6. Professor Furukawa, Senshu University, Japan: Legal Education Reform in Japan
  7. Judge Ann Ainslie-Wallace, District Court of NSW: Judicial Perspective of Advocacy
  8. Justice Grant Hammond, High Court of New Zealand: Contemporary Legal Education in New Zealand
  9. Justice Kevin Lindgren, Federal Court of Australia: Preparing for Practice at the Bar.

It is curious that so many of the plenary speakers did not directly address the conference theme of 'The Virtual Law School'. Those delegates expecting a myriad of perspectives on how technology might be employed to provide a high quality legal education were left wondering if they had missed something.

Sub-plenary session topics included 'Pre-admission Training and Skills Towards 2000', 'Internet Legal Retrieval Into the 21st Century', 'The Virtual Library', 'The Virtual Classroom' ad 'Funding the Virtual Law School'. The majority of these papers were given by legal academics from Australia and New Zealand.

3. Interest Groups

The second function of the ALTA conference is to facilitate the annual meetings of some 40 or so 'interest groups', ranging almost across the entire spectrum of legal interest. Delegates generally attend up to four such meetings, at which brief papers are given and general discussion ensues. For this writer, perhaps the most interesting session was that of Legal Education by Michael Lambiris, from the University of Melbourne. With the assistance of the Victoria Law Foundation, Michael has embarked on an ambitious project to bring to Australia the kind of collaborative project that is familiar to UK. readers as the Law Courseware Consortium. The project is well under way, and with the help of the LCC it will result in the development of an integrated suite of computer aided learning software for Australian conditions.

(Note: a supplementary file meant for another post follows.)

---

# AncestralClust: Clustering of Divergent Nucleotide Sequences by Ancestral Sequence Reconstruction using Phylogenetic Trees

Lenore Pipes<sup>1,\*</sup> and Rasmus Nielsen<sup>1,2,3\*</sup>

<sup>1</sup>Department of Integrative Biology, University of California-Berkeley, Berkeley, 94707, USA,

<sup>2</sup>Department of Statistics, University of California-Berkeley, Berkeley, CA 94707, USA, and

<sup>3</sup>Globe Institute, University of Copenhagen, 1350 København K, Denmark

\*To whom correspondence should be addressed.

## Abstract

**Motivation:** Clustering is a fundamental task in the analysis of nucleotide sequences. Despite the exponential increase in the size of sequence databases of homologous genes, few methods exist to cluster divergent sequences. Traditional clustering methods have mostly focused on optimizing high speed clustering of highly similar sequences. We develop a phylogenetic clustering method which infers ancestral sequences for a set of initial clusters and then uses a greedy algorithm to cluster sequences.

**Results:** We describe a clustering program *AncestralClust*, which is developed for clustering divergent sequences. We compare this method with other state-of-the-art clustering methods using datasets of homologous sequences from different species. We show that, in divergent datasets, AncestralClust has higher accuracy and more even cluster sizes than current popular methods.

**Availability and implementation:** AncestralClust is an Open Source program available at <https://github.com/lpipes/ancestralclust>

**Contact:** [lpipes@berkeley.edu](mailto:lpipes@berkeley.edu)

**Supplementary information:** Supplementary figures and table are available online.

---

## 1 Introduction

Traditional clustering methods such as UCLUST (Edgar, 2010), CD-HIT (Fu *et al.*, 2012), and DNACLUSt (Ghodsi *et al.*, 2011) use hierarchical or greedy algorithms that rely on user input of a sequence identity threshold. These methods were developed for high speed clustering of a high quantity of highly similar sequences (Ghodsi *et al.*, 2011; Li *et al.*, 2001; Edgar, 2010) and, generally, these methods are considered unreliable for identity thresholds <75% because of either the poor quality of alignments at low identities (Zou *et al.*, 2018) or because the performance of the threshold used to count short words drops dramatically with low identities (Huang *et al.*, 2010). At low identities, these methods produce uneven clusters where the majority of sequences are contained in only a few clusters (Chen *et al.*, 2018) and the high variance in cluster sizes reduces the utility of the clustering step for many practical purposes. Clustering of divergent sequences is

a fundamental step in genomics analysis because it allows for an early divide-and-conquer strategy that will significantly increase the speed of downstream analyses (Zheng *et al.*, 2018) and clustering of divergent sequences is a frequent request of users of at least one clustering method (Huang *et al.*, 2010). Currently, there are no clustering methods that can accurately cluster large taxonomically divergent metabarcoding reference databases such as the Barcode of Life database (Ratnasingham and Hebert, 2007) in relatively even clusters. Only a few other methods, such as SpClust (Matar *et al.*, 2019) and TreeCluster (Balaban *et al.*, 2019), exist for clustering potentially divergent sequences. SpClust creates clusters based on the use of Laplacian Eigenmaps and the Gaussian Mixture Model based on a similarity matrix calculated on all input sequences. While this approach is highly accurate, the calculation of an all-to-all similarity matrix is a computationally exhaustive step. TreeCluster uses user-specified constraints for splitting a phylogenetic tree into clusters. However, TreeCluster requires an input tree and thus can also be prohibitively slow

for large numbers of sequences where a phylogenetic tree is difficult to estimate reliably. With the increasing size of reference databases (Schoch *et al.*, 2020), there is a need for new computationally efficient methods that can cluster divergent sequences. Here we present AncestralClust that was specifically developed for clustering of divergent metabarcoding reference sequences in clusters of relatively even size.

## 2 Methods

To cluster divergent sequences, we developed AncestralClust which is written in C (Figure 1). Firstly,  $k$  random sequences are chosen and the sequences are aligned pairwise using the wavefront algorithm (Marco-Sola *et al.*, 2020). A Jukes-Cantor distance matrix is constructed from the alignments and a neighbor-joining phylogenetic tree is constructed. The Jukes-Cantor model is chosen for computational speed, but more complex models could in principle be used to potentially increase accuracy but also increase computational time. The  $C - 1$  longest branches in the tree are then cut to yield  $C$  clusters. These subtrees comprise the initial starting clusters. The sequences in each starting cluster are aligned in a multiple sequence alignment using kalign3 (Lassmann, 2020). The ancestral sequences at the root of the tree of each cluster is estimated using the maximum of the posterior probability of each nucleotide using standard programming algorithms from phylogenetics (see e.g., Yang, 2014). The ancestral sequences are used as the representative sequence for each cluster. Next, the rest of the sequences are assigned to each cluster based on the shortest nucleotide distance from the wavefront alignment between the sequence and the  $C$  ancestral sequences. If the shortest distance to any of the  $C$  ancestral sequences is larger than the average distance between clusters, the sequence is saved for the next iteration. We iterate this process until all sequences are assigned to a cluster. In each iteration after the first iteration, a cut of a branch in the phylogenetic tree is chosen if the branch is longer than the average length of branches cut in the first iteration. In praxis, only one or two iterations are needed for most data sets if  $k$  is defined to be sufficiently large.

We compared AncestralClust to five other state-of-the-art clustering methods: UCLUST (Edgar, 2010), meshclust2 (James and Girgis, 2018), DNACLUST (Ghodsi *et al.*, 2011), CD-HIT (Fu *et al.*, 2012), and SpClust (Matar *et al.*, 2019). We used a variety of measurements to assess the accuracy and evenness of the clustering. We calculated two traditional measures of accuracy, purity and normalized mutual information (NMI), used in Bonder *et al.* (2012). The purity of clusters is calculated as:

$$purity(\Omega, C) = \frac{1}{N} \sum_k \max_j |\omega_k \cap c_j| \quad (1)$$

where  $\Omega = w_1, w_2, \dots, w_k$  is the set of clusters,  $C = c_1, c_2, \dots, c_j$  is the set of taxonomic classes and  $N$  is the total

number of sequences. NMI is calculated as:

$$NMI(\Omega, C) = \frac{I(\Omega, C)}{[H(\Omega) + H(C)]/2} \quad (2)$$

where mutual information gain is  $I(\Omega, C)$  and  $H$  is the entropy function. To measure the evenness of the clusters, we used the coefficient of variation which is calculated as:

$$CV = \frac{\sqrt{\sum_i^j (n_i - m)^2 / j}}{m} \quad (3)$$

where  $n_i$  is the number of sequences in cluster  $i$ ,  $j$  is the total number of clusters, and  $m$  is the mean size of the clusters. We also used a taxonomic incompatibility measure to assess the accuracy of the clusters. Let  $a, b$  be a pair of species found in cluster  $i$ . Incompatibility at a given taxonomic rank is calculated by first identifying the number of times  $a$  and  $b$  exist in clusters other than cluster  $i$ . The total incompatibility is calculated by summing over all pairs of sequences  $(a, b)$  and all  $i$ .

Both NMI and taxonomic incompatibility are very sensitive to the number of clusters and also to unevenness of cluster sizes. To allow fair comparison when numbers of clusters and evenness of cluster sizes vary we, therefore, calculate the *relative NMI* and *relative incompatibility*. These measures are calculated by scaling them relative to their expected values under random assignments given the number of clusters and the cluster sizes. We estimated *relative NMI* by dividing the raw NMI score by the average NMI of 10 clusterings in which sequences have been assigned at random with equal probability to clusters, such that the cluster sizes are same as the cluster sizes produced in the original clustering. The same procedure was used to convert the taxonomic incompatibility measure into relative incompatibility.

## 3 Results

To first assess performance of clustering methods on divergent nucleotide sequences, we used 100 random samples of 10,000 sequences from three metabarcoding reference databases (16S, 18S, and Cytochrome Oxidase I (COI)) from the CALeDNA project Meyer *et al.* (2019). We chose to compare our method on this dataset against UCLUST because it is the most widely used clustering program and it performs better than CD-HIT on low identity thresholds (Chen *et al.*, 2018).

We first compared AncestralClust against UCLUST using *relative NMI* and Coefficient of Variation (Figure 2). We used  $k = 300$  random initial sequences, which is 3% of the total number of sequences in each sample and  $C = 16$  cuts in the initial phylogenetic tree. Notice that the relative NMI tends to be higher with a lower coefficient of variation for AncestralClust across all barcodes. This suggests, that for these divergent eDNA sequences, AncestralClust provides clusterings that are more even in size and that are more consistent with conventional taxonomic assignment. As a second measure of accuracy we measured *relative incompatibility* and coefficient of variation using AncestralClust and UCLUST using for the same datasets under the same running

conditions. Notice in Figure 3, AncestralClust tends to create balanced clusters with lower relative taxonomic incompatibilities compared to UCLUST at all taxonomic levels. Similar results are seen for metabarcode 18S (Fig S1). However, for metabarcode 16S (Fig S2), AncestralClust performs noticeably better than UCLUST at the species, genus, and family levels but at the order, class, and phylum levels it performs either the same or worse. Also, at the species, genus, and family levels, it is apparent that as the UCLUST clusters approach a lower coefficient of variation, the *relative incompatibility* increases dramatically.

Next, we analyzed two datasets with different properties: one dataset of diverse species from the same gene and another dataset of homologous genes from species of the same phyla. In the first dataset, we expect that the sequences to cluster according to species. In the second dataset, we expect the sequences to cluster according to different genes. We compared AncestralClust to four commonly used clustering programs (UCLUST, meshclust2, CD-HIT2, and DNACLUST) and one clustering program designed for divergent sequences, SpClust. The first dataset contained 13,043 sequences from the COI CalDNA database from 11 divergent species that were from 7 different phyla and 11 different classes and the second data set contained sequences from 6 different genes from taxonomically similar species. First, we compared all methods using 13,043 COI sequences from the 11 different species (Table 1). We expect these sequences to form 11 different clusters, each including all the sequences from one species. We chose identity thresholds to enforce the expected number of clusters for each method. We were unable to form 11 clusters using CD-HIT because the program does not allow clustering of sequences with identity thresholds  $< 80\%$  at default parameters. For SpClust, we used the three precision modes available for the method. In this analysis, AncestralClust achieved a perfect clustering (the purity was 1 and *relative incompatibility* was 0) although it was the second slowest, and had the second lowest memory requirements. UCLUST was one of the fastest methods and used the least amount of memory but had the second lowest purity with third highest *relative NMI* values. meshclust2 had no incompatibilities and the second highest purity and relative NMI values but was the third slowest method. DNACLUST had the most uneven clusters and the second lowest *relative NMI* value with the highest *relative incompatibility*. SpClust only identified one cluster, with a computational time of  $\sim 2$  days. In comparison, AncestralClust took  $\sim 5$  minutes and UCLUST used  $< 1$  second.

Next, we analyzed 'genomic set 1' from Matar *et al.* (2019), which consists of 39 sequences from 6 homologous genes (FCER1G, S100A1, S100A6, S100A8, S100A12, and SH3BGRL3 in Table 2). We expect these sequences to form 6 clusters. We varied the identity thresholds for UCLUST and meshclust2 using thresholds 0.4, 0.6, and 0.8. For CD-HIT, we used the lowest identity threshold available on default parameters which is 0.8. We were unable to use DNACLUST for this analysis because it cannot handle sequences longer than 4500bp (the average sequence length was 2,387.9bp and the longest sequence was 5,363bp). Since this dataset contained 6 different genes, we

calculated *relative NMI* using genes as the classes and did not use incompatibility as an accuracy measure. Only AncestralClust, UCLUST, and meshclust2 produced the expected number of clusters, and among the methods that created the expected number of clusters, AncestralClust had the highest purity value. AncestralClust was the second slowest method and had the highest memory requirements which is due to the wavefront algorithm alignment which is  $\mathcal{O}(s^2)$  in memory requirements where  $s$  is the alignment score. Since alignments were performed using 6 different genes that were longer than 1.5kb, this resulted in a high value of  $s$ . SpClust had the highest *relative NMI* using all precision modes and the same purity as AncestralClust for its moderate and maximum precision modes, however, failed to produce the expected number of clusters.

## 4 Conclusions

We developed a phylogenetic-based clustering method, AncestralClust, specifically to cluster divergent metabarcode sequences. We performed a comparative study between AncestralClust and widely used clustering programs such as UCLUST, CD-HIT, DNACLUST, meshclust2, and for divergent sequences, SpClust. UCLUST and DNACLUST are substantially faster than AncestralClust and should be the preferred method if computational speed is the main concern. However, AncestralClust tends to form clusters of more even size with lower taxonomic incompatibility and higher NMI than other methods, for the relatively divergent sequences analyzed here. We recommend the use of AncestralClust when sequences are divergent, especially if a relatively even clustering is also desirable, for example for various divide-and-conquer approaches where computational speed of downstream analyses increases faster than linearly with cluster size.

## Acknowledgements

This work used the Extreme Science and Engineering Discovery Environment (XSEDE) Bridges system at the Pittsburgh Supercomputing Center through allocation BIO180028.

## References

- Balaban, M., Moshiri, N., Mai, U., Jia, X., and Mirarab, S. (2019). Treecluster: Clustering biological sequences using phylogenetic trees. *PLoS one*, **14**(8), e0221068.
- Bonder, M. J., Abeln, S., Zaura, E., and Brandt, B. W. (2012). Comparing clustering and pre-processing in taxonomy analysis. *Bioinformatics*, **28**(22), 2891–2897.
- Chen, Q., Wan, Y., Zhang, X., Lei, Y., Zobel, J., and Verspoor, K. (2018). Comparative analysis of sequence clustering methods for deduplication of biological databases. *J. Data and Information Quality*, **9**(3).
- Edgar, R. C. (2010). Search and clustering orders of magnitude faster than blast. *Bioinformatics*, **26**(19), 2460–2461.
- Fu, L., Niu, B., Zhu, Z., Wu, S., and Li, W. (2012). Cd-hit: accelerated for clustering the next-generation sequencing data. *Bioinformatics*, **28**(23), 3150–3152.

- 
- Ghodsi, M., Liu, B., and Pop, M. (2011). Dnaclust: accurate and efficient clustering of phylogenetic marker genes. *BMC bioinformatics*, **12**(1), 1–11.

Perhaps the most disappointing note in this area of the conference was the lack of any meetings by the Law and Computers Group. This was justified on the basis that plenary sessions were directed to the material normally reserved for consideration at sessions of this group. Many delegates felt however that the group would have provided a valuable 'breakout' function at which material from the larger sessions could be discussed.

4. Networking and Socialising

The third function of the ALTA conference will not be unfamiliar: the opportunity to network and socialise with one's peer group, to catch up with old friends and generally to have a good time. The Thursday welcoming cocktail party was well attended by those arriving on the night before the conference opening and, despite the din produced by so many voices in the concrete-walled foyer that was the venue, was voted a success. This of course generally means that copious amounts of alcohol and food, in that order, should be available and that was indeed the case.

On the Friday evening the conference dinner was held at the New South Wales Houses of Parliament. As might be expected, the standard of food and wine was very high. Unfortunately the intended host, NSW Attorney-General Jeff Shaw, could not be present due to commitments overseas. Rumours abounded of fortunes won and lost at the casino afterwards, but none was verified. On the Saturday evening the 'publishers dinner' took place at the Law Faculty, sponsored by Butterworths and the Law Book Company.

5. Announcements

Papers from the 1997 ALTA conference can be ordered through the Conference Secretary, Associate Professor Michael Adams, Sydney University of Technology Law School: fax +61 +2 9514 3400.

The 1998 ALTA conference will take place at the University of Otago in Dunedin NZ. This will coincide with the 125th anniversary celebrations for the law faculty there. Though being held in the depths of winter (July) at the southernmost university in the world (46 degrees south latitude!) we have all been assured of a warm welcome and the best of Kiwi hospitality.